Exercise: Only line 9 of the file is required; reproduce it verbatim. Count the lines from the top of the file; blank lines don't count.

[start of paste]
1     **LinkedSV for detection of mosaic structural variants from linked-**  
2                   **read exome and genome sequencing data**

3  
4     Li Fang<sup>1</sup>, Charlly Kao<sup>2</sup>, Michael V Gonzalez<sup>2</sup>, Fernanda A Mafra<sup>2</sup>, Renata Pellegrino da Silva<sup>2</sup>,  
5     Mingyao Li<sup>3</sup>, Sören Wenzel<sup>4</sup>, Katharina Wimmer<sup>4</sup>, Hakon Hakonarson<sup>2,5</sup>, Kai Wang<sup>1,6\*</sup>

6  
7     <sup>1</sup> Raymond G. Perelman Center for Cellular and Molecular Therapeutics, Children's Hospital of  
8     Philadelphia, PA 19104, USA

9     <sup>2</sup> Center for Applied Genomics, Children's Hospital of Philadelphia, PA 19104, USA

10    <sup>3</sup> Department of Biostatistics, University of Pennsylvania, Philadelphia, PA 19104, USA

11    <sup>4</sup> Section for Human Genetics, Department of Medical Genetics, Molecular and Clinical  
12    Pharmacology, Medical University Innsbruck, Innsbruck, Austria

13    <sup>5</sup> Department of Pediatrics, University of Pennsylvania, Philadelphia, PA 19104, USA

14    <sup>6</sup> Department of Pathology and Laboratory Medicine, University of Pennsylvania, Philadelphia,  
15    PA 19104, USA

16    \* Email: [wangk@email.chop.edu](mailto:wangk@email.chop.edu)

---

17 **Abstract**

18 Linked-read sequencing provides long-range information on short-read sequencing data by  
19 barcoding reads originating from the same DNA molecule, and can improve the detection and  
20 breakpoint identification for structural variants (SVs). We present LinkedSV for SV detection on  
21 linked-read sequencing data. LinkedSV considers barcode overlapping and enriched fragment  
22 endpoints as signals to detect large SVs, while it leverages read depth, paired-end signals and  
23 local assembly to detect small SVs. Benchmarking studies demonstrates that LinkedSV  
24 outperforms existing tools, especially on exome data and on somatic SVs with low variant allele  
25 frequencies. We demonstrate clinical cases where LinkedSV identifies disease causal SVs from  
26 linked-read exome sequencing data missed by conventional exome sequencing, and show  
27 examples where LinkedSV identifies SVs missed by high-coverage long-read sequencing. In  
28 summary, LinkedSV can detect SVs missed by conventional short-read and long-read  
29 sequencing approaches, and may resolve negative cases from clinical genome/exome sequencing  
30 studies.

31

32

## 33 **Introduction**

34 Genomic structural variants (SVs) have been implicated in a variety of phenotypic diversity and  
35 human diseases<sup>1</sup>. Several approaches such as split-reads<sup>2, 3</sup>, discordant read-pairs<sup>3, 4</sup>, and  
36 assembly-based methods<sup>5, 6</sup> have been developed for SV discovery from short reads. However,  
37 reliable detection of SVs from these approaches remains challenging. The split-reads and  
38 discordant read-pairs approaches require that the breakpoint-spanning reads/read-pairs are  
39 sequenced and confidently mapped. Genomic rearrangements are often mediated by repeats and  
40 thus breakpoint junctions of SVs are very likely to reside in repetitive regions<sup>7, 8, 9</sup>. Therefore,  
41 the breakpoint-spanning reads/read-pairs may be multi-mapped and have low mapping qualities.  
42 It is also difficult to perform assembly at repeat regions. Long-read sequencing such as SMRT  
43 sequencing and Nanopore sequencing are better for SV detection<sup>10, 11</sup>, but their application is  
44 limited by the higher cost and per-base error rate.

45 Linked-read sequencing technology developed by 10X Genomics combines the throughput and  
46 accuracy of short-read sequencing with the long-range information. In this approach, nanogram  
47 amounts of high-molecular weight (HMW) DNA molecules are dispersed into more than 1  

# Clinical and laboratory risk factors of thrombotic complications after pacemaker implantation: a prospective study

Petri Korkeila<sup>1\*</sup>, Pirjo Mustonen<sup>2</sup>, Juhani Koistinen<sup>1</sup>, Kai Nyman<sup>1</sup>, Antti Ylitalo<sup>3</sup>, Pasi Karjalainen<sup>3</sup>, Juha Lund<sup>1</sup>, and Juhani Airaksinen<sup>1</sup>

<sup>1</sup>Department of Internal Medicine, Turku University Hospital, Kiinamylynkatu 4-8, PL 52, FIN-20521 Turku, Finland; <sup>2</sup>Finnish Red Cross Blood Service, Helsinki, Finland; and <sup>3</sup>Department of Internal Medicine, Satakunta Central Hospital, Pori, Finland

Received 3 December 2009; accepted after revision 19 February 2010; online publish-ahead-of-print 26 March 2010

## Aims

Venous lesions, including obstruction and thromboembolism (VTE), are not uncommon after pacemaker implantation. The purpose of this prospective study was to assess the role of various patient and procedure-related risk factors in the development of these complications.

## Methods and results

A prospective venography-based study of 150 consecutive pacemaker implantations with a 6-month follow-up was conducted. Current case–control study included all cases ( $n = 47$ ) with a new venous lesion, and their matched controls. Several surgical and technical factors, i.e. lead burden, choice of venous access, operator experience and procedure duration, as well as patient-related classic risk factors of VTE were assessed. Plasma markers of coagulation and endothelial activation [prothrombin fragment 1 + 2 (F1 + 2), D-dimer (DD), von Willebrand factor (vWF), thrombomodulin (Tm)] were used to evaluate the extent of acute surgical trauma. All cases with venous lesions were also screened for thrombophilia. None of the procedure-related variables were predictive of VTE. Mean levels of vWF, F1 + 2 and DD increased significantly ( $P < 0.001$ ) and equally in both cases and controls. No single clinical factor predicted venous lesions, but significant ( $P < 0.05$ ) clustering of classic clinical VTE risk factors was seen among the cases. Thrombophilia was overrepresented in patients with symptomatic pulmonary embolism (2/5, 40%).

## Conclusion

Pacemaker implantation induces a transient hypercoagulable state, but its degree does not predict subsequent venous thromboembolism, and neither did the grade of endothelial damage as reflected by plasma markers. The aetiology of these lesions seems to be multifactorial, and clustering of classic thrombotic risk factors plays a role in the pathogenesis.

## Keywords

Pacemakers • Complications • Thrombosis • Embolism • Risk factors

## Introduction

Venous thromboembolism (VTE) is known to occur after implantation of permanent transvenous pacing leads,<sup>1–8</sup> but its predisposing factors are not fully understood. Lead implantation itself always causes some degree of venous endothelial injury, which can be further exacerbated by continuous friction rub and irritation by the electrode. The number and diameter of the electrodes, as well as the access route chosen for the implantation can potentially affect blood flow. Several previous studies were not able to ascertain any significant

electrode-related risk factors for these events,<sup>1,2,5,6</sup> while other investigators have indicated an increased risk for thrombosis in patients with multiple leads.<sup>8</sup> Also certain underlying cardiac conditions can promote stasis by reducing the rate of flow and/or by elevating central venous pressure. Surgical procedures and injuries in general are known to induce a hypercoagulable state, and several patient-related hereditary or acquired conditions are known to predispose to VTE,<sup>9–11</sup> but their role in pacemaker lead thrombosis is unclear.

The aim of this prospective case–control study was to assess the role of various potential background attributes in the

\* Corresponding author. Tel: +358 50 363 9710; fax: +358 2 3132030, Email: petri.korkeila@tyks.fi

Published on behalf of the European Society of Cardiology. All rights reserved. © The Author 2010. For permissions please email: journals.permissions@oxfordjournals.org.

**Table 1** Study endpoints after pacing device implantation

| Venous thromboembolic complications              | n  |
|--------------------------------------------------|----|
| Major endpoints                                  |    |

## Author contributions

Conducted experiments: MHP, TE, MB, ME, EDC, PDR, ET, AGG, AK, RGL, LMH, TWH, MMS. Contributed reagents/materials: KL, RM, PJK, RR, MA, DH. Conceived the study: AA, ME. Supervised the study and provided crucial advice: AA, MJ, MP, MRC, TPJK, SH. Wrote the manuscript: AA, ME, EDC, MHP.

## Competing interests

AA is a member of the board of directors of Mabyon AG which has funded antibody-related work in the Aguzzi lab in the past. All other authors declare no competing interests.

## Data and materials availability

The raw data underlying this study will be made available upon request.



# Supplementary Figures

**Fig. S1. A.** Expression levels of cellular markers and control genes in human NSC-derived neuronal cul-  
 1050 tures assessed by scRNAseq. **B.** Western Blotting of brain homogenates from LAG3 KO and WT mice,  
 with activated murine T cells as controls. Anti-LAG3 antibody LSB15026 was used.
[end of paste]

9     <sup>2</sup> Center for Applied Genomics, Children's Hospital of Philadelphia, PA 19104, USA